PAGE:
This one’s for all the “choice of law” junkies out there, particularly those fans of “the rule of dépeçage.” Judge Thomas Zilly recently issued the decision in this case, which arose out of an injury to a construction worker while working for Oregon subcontractor Wood Mechanix at an Oregon development. The worker sued Polygon Northwest, which was the owner of the land being developed. I can’t tell if the decision’s going to be published — it’s a well-written and informative decision and should be published, if you ask me – but you can see it by clicking here.
Because Polygon was an additional insured under a policy National Fire and Marine Insurance Company sold to Wood, Polygon asked National to defend it in the lawsuit. National claimed Polygon wasn’t an additional insured and refused to defend. Polygon, a Washington corporation, ultimately sued National in Washington, wanting to enjoy the benefits Washington law offers to policyholders. Namely, the Insurance Fair Conduct Act (“IFCA”), the Consumer Protection Act (“CPA”), and coverage by estoppel.
National, of course, wanted no part of Washington law. It filed a motion for partial summary judgment, arguing that Oregon law applied and therefore the IFCA, CPA, and coverage by estoppel claims had to be dismissed.
Judge Zilly agreed, doing a very nice job of analyzing the choice of law issue. And in throwing in a discussion of the rule of dépeçage, which requires you to perform a conflict of law analysis on each individual cause of action. This could result in the court applying one state’s law to one cause, and another state’s law to a separate cause. Fun choice of law fact of the day for you: dépeçage comes from a French word meaning to dismember or carve up.
Judge Zilly found a conflict between Oregon and Washington law on Polygon’s IFCA, CPA, and coverage by estoppel claims and also that Oregon had the “most significant relationship” with the issues in those claims, and therefore concluded that Oregon law applied, requiring the dismissal of those claims. In doing so, he recognized the drastic difference between Washington and Oregon law. Among the differences, in Oregon you can’t bring a claim for an insurer’s bad faith refusal to defend, you can’t get coverage by estoppel in that situation, and you don’t have the potential punitive damages you can get under IFCA. In short, policyholders would much rather sue in Washington, while insurers love being sued in Oregon. Well, not really, but they certainly prefer Oregon over Washington.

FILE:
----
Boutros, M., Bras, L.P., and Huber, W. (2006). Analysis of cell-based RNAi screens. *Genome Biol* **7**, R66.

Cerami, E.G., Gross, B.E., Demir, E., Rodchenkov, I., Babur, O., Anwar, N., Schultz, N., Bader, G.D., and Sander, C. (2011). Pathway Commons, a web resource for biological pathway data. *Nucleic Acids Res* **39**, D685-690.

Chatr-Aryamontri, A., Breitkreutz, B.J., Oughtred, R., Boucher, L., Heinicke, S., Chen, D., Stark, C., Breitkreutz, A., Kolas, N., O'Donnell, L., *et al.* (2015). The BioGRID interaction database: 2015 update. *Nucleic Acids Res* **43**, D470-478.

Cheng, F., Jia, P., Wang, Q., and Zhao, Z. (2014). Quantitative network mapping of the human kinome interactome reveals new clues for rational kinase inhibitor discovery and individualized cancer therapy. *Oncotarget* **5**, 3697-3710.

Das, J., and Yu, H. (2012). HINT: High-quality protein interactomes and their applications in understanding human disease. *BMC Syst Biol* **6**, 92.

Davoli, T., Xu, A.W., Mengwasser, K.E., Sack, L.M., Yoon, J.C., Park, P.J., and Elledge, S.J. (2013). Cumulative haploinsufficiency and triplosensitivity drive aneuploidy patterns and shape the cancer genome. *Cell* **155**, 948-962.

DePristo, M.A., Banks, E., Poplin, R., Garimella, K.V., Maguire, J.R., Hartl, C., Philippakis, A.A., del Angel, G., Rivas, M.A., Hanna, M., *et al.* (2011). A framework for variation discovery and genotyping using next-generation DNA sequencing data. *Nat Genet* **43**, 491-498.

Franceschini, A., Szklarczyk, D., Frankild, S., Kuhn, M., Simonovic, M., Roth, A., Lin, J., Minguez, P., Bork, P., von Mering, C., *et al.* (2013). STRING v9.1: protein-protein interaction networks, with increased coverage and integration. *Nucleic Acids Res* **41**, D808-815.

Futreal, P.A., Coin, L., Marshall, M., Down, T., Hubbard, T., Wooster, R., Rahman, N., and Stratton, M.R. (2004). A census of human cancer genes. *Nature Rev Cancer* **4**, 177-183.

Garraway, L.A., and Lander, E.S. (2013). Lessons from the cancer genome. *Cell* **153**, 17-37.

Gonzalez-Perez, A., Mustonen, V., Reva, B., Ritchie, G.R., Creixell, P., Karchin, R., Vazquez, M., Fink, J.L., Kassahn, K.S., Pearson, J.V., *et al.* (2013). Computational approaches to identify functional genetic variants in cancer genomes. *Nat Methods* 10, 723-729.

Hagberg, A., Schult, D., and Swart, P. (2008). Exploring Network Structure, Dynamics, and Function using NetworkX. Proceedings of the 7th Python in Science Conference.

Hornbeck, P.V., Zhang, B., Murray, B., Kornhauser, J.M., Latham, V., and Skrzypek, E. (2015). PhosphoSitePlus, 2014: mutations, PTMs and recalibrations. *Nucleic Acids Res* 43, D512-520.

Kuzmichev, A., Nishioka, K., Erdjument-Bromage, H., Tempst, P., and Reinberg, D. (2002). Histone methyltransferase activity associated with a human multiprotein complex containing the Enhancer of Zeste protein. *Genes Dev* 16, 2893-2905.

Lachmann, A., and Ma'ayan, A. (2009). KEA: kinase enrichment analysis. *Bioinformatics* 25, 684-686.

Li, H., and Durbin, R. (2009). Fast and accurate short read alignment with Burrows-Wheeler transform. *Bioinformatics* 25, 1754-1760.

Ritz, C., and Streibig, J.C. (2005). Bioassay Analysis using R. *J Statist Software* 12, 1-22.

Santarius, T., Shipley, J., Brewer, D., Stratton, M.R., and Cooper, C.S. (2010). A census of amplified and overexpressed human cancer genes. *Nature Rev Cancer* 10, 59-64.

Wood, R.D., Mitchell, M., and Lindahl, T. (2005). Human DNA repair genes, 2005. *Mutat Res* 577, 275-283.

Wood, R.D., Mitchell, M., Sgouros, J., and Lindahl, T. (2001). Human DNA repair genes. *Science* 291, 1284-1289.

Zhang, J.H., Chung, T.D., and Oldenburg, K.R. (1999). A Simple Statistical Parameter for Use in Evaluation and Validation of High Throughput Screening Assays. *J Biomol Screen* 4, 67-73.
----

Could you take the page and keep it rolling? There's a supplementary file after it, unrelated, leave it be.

Judge Zilly noted that the Washington courts adopted coverage by estoppel for policy reasons because it creates a strong incentive for the insurer to act in good faith. “In Oregon,” he continued, “the courts have taken the opposite approach.” I’m not sure if this was intended to be a rebuke of the Oregon way of doing things, but it certainly seems to be true. The current condition of Oregon insurance law may even incentivize insurers to act in bad faith — if they’re not going to be penalized for it, what would you expect them to do?
So now that Judge Zilly has granted National’s motion, Polygon is left with its negligence and breach of contract claims. Maybe it will have better luck with those, but it certainly isn’t looking at the type of damages it was looking at before losing its IFCA, CPA and coverage by estoppel claims. Victory to the insurer, at least for the moment.
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